Infantile eczema: Food allergies are not to blame

Fri, 08/08/2014 - 10:15
Dermatite atopique et allergie alimentaire

Jacques Robert

Department of Allergology and Clinical Immunology

Lyon Sud Hospital Center 69495 Pierre Bénite Cedex (France)

 

Atopic dermatitis (AD) in infants is commonly referred to as eczema. Several misconceptions have grown up around its causes, risks and management.

Is atopic dermatitis an allergy-based disease?

YES, but

It is an inflammatory skin disease (dermatitis) with allergic predisposition (atopy). In some 80% of cases, children with AD are predisposed to atopy. This means that they easily produce sensitizing antibodies called IgEs that target various harmless molecules in a natural environment. Non-allergic children would normally tolerate this type of molecule (pollen, animal dander, food, etc.). This causes children with eczema to develop other allergies, because their skin is “permeable” and the genetic predisposition exists. This atopy is fragile, but is not directly related to an allergen.


Are there diseases directly related to allergens?

YES

There is cat-induced asthma, grass-pollen rhinoconjunctivitis (hay fever), peanut allergy, wasp sting allergy. Elimination is key in treating these diseases (goodbye kitty, no more peanuts, etc) and also desensitization (to grass pollen, wasp venom). Eczema is not like any of these diseases. However, a specific allergen (dust mites or food for example) can encourage skin inflammation to peak temporarily, leading to an eczema flare-up, in some sensitized children.

My child has AD. Should I change his milk?

NO, in most cases.

Allergy to cow’s milk proteins (CMPA) is associated with atopic dermatitis in only a few cases, and in these patients, eczema is always accompanied by other symptoms.

  • Major, visible signs : acute urticaria, faintness, bloody diarrhea in small infants, shock.  
  • More “ insidious” isolated or associated signs:  lack of drive and energy, insufficient weight gain, acid reflux (repeated vomiting) treatment resistance, chronic diarrhea, abdominal pain, etc.

If a CMPA is determined, the doctor must prove it (skin and biological tests, elimination/reintroduction test) and the child’s milk must always be changed. Hydrolysed milk (EHF milk) will be prescribed in which the allergenic casein molecules have been cut to render them harmless. The eczema will diminish if the child was truly allergic, but will not actually heal if skin care is neglected.

Does atopic dermatitis have genetic origins?

YES, but there’s a lot we still don’t know

Atopic dermatitis is a genetic and immunological disease.

We just explained the immunological aspect: number of children with AD whose immune system fights against harmless molecules in their environment. This is a useless battle that causes skin inflammation. In the same way, an asthmatic person would react to inhaled substances (e.g. pollens) resulting in inflamed bronchial tubes. This immune-system anomaly is mostly genetic, and entire families can have allergies.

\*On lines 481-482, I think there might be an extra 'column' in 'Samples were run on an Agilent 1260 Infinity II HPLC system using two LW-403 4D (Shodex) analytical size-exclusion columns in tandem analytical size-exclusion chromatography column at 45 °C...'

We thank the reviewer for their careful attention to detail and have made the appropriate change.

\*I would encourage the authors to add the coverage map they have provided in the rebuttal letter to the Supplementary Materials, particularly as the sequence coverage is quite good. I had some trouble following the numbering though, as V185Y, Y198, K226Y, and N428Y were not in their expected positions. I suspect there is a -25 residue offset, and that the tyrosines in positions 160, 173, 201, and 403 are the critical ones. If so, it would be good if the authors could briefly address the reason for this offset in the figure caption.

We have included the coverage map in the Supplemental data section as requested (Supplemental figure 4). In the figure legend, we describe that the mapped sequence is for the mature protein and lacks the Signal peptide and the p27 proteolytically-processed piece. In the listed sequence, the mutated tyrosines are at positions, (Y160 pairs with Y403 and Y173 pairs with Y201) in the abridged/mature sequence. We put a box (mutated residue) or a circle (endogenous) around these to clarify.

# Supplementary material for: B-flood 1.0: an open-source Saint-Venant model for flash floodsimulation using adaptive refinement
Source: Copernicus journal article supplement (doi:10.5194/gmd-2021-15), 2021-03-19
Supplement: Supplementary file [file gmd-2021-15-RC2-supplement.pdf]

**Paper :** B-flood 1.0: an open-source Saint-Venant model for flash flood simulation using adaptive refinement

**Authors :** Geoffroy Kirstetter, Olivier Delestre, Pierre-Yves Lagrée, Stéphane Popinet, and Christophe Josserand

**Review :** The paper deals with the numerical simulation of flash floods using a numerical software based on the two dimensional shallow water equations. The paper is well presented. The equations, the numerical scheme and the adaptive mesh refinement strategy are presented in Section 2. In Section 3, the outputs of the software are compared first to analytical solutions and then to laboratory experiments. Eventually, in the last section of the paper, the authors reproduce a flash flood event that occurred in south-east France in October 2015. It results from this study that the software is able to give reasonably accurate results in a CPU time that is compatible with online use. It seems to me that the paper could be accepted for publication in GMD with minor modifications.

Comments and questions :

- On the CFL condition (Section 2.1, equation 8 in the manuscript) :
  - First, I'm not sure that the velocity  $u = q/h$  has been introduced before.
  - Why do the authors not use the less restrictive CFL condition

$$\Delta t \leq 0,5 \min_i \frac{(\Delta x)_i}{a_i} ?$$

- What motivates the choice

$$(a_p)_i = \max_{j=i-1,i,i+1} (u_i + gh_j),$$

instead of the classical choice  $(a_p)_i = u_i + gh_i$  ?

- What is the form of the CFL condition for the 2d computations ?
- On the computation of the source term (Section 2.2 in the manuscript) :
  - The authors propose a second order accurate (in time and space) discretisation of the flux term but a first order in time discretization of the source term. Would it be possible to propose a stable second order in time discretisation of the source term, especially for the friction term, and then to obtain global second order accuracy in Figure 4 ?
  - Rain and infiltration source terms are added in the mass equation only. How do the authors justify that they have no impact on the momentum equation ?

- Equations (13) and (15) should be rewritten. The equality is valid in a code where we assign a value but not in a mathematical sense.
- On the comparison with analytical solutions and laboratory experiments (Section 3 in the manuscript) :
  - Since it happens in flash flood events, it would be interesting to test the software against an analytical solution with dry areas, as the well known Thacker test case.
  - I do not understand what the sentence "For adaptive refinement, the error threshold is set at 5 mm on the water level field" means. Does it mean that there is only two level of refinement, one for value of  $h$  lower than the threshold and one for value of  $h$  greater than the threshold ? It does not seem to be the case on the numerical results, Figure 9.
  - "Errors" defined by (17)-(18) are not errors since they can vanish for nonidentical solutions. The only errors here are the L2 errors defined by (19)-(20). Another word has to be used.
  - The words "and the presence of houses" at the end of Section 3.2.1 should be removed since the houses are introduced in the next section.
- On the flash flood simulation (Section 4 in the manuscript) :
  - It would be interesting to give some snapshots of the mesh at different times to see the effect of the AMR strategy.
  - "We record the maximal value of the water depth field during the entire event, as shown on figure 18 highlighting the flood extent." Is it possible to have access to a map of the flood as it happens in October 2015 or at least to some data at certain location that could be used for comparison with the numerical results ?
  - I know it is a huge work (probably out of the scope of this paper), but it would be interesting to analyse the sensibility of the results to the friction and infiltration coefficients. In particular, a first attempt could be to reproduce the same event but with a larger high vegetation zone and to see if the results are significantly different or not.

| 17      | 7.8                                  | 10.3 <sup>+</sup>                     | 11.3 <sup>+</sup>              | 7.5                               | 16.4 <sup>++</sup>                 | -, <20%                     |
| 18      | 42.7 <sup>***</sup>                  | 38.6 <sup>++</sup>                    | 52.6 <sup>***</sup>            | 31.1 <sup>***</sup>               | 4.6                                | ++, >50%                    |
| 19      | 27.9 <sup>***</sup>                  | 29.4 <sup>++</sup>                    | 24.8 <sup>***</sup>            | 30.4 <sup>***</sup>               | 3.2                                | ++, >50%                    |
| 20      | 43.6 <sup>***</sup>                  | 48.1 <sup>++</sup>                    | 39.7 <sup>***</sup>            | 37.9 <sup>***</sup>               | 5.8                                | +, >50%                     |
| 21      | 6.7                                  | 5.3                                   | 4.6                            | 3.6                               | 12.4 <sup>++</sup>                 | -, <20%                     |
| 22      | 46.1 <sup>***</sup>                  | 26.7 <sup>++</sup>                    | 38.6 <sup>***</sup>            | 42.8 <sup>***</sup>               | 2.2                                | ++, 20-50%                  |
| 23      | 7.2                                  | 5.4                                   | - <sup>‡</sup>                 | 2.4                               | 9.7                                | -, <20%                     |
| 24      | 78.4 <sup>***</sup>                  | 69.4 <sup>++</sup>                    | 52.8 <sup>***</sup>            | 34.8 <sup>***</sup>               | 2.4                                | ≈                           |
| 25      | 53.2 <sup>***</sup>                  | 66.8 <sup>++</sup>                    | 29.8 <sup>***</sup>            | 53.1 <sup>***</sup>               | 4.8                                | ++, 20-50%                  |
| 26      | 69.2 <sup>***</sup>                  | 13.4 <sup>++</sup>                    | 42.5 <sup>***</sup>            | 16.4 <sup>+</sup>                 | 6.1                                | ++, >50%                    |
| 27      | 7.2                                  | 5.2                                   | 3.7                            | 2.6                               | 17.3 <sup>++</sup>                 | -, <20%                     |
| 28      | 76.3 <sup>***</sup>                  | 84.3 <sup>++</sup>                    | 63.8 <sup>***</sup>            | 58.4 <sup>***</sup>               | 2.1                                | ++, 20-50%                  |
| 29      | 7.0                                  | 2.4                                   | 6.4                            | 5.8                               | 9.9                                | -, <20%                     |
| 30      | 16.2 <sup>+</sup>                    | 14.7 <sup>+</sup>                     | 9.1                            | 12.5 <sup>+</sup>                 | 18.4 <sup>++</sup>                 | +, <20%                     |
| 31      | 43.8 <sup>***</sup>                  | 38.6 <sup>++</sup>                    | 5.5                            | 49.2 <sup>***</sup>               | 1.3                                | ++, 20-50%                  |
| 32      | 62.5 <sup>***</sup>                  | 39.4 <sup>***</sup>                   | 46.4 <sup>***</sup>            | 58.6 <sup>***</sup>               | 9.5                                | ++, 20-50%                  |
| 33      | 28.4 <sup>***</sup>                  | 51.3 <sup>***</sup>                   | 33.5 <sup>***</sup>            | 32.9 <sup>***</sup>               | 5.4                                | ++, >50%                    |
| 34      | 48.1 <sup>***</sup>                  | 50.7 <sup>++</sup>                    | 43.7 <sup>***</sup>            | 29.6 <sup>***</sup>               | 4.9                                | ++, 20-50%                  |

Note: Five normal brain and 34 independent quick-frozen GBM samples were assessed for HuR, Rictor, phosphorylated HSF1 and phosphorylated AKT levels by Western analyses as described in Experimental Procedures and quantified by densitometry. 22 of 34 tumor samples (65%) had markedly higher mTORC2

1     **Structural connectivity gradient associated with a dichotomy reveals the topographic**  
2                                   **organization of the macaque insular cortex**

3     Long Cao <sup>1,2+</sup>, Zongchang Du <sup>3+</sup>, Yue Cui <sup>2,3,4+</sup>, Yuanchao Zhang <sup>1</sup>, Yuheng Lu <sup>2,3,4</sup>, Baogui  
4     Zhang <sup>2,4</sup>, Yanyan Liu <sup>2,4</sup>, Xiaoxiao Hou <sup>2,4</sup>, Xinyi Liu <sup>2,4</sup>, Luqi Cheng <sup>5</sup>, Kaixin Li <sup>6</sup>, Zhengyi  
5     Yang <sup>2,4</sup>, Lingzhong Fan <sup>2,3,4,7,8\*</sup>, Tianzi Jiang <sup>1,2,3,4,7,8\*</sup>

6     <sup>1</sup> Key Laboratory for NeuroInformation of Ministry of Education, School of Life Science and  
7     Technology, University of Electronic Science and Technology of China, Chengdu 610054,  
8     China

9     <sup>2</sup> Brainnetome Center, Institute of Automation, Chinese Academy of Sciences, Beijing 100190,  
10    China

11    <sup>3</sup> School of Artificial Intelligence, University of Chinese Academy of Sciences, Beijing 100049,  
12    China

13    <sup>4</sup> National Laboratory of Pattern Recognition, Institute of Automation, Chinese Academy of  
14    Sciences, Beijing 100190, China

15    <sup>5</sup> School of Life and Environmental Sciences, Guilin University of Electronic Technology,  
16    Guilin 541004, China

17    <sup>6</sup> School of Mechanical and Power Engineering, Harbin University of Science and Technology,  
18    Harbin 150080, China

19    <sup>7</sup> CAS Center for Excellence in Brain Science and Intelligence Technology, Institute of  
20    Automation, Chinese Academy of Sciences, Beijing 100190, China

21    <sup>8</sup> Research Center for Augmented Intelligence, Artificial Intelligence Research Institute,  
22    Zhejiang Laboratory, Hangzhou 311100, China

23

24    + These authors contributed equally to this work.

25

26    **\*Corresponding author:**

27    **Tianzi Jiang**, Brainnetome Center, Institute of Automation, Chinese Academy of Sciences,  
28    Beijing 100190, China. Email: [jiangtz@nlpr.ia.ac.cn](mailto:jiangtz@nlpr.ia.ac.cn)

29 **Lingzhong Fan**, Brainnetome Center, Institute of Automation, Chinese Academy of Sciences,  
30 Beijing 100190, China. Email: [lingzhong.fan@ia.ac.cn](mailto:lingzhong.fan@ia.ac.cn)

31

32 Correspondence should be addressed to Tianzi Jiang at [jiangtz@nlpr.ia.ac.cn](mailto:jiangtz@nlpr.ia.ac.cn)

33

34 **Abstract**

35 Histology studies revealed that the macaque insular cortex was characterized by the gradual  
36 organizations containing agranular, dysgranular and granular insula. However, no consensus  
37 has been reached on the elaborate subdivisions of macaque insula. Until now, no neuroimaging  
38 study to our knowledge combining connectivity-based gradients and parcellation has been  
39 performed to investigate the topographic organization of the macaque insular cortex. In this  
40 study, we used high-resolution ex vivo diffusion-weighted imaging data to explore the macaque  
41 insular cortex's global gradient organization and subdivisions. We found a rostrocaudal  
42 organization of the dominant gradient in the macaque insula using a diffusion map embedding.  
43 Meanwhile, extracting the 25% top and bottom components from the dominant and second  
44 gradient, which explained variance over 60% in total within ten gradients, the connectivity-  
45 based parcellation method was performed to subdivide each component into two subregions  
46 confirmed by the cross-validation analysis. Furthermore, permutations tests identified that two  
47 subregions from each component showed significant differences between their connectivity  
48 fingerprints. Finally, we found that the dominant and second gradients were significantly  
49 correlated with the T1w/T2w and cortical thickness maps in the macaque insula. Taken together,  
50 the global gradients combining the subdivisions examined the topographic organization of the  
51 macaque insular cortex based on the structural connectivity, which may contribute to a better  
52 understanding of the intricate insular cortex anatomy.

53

Let us attempt to analyze current data regarding the dermatological aspect: skin in AD is dry, from age 2 months, doctors describe it as xerosis. This dryness is linked to a deficit in a protein (filaggrin), produced by epidermal cells. Filaggrin’s purpose is to hydrate the epidermis and make it smooth and impermeable. Most children with atopic eczema have a quantitative filaggrin deficit and the inflammatory response triggered by the immune system is the root of the problem. In other children, the deficit is qualitative, genetic and described as a mutation. This knowledge, however, in no way changes the therapy, but at least we know that these children need to moisturize their skin! Applying emollients helps restore the skin barrier to prevent allergen penetration.

Are corticosteroid ointments dangerous for infants?

NO

These anti-inflammatory ointments have been prescribed for over 50 years. Corticophobia is what we should be wary of. Fear of these medicines prolongs the disease, since all phobias lead to avoidance: 28% of mothers with children in need of AD treatment refuse to use topical corticosteroids, or use them quite sparingly. Emollients are useful for xerosis, but are insufficient in treating eczema. Inflammatory plaques must of course be treated with local anti-inflammatory drugs that are highly effective on red areas and pruritus. They help improve quality of life (especially sleep).  

Fear or indifference leads to poor skin treatment, and we are then faced with therapeutic or intellectual drifts, where some point fingers at teething, milk or pollution in the onset  of AD.

 

Key points to remember  

 

  • AD is a skin disease, so skin care is a must. The therapeutic trio: hygiene, emollients, topical corticosteroids. Proper treatment will restore the natural protection of the skin barrier
  • Aggravated AD is often a case of neglected disease, due to false beliefs or fear. Do not be afraid of skin care ointments, your baby will thank you for it.
  • AD is not linked to food allergy; such allergies must be proven, and food-allergy eczema is always accompanied by other symptoms.
  • Why do some internet sources refer to AD as a food allergy? Because people with eczema are more prone to food allergies than healthy individuals. We cannot, however, say that reverse is true: food allergy is not the reason for AD.  


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